Although the idea of having more race winners in the Chase would not necessarily spice up the title battle itself, it would be a way of livening up the regular season. There's rarely a fluke winner in Cup these days after all.
Consistency will still be a determining factor in the outcome of the championship for sure, and along those lines, it would be fair to reward somehow the driver leading the regular season right before the Chase. Kevin Harvick, for example, got little out of a bulky points lead last year heading into the Chase, which he started from third place due to the points' reset. Under the old points format, he would have been crowned champion before Homestead.
Although we'll have to wait for NASCAR to reveal any possible changes on this regard, there are some that we already know about and which will shake things up a little in different areas. On the technical side the Sprint Cup cars have received a face-lift for 2011, ditching the previous adjustable front splitter and its metal braces for one with a fixed smaller flat area that affects the inherent balance of the car, at least slightly.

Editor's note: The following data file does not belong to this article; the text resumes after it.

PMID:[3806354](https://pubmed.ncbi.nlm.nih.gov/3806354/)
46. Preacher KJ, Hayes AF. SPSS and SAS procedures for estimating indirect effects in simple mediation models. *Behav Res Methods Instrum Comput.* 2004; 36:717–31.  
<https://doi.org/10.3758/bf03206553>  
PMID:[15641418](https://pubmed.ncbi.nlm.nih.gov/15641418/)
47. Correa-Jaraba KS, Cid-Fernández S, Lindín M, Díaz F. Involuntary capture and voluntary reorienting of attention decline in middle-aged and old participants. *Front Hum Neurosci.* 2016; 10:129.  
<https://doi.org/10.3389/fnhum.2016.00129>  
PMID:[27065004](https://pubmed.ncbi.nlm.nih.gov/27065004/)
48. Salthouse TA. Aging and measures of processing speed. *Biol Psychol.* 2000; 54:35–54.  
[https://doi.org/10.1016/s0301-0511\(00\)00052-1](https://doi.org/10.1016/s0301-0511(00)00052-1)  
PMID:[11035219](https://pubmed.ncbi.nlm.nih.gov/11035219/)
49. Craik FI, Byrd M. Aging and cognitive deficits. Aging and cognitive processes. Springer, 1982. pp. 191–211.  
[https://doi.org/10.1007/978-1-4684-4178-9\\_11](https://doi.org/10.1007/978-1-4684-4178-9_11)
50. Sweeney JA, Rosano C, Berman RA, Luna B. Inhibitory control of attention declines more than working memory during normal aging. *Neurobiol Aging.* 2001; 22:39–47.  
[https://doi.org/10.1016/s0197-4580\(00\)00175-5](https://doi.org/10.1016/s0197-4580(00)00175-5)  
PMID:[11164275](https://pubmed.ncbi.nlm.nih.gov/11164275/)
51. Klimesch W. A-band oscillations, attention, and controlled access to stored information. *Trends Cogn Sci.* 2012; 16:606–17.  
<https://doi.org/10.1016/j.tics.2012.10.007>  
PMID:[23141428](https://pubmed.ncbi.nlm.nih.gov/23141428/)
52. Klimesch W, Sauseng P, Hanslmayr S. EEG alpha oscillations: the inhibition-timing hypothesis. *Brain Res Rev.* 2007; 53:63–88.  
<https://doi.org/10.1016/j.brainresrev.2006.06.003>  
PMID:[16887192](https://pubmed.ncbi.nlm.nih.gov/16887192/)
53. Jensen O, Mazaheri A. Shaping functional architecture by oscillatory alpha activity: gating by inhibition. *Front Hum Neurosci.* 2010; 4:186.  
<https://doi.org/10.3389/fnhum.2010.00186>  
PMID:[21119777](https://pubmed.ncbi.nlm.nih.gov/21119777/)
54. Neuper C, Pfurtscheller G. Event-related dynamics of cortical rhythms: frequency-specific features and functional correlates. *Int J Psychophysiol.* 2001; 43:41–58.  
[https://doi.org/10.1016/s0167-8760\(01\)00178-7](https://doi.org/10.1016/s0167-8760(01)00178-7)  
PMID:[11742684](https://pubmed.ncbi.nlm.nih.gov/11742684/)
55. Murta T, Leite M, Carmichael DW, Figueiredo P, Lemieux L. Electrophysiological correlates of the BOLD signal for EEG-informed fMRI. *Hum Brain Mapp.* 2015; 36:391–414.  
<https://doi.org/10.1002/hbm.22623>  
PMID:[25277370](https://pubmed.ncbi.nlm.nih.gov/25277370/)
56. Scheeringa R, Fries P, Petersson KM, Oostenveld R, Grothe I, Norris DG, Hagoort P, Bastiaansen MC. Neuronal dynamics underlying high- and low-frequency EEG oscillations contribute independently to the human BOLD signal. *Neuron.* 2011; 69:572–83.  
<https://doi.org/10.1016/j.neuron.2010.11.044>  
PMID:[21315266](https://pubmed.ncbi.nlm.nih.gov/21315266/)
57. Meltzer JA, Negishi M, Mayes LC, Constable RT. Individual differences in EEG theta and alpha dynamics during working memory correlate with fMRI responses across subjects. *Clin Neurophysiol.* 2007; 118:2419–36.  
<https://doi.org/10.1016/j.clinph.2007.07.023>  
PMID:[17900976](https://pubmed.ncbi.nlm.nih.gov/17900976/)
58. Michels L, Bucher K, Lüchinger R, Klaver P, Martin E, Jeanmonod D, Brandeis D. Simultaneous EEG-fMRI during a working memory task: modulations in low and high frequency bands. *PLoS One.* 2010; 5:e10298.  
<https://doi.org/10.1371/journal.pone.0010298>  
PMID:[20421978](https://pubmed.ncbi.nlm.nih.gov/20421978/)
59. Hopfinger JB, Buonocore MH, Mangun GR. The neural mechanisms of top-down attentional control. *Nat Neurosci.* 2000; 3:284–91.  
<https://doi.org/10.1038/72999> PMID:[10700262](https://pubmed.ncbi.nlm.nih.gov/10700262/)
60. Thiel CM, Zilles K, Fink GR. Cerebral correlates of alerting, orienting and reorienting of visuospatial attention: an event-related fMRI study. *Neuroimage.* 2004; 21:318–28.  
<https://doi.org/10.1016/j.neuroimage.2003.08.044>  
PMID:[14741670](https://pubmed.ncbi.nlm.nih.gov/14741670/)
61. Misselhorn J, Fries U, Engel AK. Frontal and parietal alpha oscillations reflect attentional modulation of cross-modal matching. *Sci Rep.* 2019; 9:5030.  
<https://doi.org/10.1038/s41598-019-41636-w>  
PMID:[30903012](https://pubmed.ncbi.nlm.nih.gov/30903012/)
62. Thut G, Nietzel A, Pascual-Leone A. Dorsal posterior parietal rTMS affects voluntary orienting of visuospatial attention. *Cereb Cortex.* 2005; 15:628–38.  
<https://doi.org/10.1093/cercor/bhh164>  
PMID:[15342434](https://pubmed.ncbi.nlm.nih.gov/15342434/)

The 2011 kicks off at Daytona
This is something we may not see having much of an effect at Daytona as it may be the case at the intermediate tracks, but initially the new nose has been said to shift the aero balance more towards the front, as since the current generation of car was born, one of the toughest tasks for drivers and crew chiefs has been to make it turn in the center of the corners. As with any technical change, like the switch from the rear wing to the spoiler last year, some teams will be able master it quicker than others.
As NASCAR goes green this year with the new Sunoco Green E15 gasoline, a mix of 85% gasoline an 15% Ethanol, fuel efficiency is also set to be affected and in one word, decreased, thus making crew chiefs start from scratch at tracks where the fuel saving game tends to play a decisive role. This, combined with how much degradation you have on your tyres when you're running almost empty, may create some interesting strategies.